On October 4, 2013, Google’s Matt Cutts announced that the infamous Google aquatic bird—the Penguin—will be in the limelight once again. That was the day when the Penguin 2.1 was launched. If you’re one of those who were significantly affected by Penguin 2.0 and are still reeling from that algorithm update, then you likely don’t appreciate having to deal with yet another update. Rather than throwing your arms up in frustration, though, it would be a lot more advantageous for you to learn as much as you can about Penguin 2.1 and how it can possibly affect your Search Engine Optimization efforts.
What is the Google Penguin 2.1?
The fifth Penguin-related update launched by Google, Penguin 2.1 is designed to specifically target web spam. It is expected to significantly affect no more than one percent of Google searches. You may take some consolation in the fact that this is considered a minor update as compared to Penguin 2.0. This means you probably won’t see yourself scrambling to make site adjustments the way you did when Penguin 2.0 was launched.
It’s generally too early to say for sure what the specific differences are between Penguin 2.0 and 2.1, but initial analysis by Glenn Gabe seems to suggest that the latest update targets practically the same things as the previous update. Perhaps the difference lies in the level of analysis; Penguin 2.1 is expected to have the ability to analyze web pages on a deeper level so as to identify spam activities painstakingly hidden by webmasters.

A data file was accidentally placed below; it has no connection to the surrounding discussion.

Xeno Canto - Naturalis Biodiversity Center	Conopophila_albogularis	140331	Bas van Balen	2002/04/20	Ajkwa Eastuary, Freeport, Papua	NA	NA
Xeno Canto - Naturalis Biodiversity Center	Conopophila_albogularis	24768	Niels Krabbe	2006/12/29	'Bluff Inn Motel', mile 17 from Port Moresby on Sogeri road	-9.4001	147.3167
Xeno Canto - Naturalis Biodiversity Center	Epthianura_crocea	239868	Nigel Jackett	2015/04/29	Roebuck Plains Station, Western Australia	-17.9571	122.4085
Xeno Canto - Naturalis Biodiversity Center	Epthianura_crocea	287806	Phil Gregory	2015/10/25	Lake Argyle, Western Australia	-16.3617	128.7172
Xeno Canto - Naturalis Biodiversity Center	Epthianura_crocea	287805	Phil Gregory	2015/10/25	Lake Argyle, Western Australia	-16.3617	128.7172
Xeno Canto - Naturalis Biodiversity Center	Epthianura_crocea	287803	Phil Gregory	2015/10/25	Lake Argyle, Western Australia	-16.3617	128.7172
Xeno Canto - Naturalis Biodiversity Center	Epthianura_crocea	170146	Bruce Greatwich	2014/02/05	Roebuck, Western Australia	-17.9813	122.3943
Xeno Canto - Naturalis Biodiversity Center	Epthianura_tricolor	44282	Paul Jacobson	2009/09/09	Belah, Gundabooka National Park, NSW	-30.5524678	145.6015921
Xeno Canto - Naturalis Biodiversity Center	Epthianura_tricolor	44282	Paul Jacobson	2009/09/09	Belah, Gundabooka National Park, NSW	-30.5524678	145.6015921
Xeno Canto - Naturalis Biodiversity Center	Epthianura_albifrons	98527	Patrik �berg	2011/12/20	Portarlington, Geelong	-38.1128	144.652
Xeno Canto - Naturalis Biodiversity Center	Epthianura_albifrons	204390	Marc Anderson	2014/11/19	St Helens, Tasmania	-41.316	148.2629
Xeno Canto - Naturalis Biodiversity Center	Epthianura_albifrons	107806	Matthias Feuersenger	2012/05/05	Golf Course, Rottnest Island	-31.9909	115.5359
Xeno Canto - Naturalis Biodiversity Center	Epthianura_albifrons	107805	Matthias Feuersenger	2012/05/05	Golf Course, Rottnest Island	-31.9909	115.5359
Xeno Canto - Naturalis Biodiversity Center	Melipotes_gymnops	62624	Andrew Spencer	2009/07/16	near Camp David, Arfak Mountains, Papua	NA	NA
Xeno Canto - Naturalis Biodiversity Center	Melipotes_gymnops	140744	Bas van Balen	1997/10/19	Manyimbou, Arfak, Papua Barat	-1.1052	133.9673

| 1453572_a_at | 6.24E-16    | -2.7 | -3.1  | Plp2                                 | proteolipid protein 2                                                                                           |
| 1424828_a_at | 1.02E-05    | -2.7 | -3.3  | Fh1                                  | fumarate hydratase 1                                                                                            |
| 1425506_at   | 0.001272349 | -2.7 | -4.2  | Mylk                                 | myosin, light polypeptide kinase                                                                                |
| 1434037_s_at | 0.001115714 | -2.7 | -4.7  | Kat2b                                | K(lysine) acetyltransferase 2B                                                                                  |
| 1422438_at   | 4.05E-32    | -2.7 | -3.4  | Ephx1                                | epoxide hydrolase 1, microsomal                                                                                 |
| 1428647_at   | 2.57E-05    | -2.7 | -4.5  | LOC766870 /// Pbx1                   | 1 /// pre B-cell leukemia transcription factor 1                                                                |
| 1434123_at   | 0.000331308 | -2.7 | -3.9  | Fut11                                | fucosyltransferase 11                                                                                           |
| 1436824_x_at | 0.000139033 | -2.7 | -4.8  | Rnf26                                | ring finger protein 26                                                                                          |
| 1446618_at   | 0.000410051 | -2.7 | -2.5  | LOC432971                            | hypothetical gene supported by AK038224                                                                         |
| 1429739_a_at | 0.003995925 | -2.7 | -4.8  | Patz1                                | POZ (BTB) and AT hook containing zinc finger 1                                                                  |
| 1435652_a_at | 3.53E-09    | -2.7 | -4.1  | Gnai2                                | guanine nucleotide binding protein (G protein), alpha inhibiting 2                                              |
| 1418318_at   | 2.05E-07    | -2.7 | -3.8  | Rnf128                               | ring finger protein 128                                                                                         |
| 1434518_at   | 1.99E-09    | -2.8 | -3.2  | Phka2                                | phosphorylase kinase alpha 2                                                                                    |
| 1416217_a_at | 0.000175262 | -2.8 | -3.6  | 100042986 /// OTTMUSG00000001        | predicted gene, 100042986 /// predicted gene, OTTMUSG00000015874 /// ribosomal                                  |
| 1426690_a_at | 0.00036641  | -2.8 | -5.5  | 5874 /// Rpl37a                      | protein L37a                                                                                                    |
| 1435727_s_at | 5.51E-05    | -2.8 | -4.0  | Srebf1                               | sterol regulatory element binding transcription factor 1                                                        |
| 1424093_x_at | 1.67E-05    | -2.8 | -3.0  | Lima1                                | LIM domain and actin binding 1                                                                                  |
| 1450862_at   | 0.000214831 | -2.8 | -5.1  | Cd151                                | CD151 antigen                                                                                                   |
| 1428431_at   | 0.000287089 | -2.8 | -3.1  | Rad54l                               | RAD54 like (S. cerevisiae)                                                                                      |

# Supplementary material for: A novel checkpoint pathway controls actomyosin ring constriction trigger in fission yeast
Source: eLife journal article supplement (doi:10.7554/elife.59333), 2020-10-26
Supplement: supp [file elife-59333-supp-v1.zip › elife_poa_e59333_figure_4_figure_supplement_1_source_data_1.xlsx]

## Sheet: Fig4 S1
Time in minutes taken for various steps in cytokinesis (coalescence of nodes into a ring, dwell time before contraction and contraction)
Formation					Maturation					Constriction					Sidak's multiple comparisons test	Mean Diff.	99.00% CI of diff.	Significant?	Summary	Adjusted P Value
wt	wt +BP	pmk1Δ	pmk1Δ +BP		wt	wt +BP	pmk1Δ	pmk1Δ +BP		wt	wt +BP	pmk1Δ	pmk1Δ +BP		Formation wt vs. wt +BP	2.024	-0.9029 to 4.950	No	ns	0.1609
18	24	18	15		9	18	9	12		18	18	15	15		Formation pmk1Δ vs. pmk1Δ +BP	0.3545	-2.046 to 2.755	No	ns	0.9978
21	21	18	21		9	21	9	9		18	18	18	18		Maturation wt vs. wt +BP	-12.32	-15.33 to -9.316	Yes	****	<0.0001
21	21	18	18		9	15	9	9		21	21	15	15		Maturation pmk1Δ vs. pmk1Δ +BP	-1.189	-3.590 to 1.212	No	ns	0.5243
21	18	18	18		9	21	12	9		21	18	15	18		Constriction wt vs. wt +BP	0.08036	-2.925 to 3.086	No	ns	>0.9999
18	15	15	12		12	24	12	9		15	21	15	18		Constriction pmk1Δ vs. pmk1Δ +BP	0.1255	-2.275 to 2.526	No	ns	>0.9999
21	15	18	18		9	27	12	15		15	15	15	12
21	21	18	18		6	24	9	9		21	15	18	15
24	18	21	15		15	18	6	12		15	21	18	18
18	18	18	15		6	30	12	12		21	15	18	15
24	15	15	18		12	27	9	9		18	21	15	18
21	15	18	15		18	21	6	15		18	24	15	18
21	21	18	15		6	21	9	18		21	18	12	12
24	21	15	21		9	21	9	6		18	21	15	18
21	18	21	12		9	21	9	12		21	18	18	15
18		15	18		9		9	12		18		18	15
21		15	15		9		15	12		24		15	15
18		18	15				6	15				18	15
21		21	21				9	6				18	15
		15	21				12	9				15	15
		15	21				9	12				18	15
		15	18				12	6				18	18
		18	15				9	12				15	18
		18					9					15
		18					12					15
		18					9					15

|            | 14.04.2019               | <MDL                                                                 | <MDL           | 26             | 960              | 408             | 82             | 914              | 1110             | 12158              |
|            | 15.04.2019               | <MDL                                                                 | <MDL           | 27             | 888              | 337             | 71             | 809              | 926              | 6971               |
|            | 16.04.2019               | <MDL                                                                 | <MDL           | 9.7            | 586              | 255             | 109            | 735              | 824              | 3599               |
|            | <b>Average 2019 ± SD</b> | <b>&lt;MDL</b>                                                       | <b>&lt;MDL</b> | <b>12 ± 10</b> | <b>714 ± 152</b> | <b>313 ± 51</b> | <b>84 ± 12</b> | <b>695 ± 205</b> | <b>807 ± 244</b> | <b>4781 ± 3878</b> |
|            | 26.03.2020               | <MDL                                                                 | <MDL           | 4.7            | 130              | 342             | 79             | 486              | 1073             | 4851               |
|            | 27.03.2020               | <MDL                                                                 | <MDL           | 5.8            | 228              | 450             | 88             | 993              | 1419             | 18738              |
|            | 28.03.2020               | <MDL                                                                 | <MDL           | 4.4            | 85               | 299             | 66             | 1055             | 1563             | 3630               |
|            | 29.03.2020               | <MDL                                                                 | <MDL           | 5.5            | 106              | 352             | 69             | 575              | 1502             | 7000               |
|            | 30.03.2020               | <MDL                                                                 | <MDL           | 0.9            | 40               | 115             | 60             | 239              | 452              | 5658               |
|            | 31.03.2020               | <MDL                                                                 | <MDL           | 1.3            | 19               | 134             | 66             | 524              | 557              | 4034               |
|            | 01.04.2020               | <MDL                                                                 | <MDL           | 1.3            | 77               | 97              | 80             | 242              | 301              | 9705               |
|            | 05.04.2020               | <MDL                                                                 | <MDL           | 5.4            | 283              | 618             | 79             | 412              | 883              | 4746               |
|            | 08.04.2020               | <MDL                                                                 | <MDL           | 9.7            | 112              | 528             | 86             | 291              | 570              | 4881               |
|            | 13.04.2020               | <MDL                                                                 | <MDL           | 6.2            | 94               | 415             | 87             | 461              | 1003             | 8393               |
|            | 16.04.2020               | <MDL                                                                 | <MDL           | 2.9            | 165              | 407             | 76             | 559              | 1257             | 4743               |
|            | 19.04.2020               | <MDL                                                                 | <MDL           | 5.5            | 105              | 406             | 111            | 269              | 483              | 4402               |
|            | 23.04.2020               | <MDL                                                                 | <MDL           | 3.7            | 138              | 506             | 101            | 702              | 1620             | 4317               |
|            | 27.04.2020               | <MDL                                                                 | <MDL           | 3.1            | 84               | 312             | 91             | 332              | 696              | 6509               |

Reasons for Site Hits
Based on the analysis made by Glenn Gabe, these are the kind of spam links penalized by the Penguin 2.1 update:
• Forum Spam – This includes those comments you post in online forums that are found to have exact-match anchor text links.
• Forum Bio Spam – This refers to biographies in forums that contain – yes, you guessed it – exact-match anchor text links.
• Blogroll Spam – Some blogrolls are safe from the update, but there are those that are generally considered spam and will likely get hit. If you’re not quite sure which blogrolls are okay and which ones aren’t, you’d do well to seek help from an SEO expert.
• Blog Comment Spam – It seems that with the new update, this kind of post is being targeted, whether it’s followed or not.
• “Do Follow” Blogs – If you neglect or forget to add “nofollow” to your blog links, you’re likely to get hit. The reason for this is that Google tends to view you as making an effort to game links when you’re listed as a do-follow resource site.
• Spammy Directories – Be sure to check if you still have links to spammy directories that may have escaped the “cleaning” you did in the past. If so, have these links nofollowed, disavow them, or remove them completely.
• Classified Websites – This is a new culprit identified by the Penguin 2.1 update. Classified websites that contain unnatural links that lead to destination sites are likely to be hit.
How to Determine If You’ve Been Hit
There are generally two things you need to do first in order to determine whether you’ve been hit by Penguin 2.1 or not.
1. Check Google Webmaster Tools. If Google applied manual penalties to your site for whatever reason, then you’re bound to get notified on Webmaster Tools. If you didn’t get any notifications, then your website may be safe. If you don’t have a Webmaster Tools account just yet, be sure to set one up.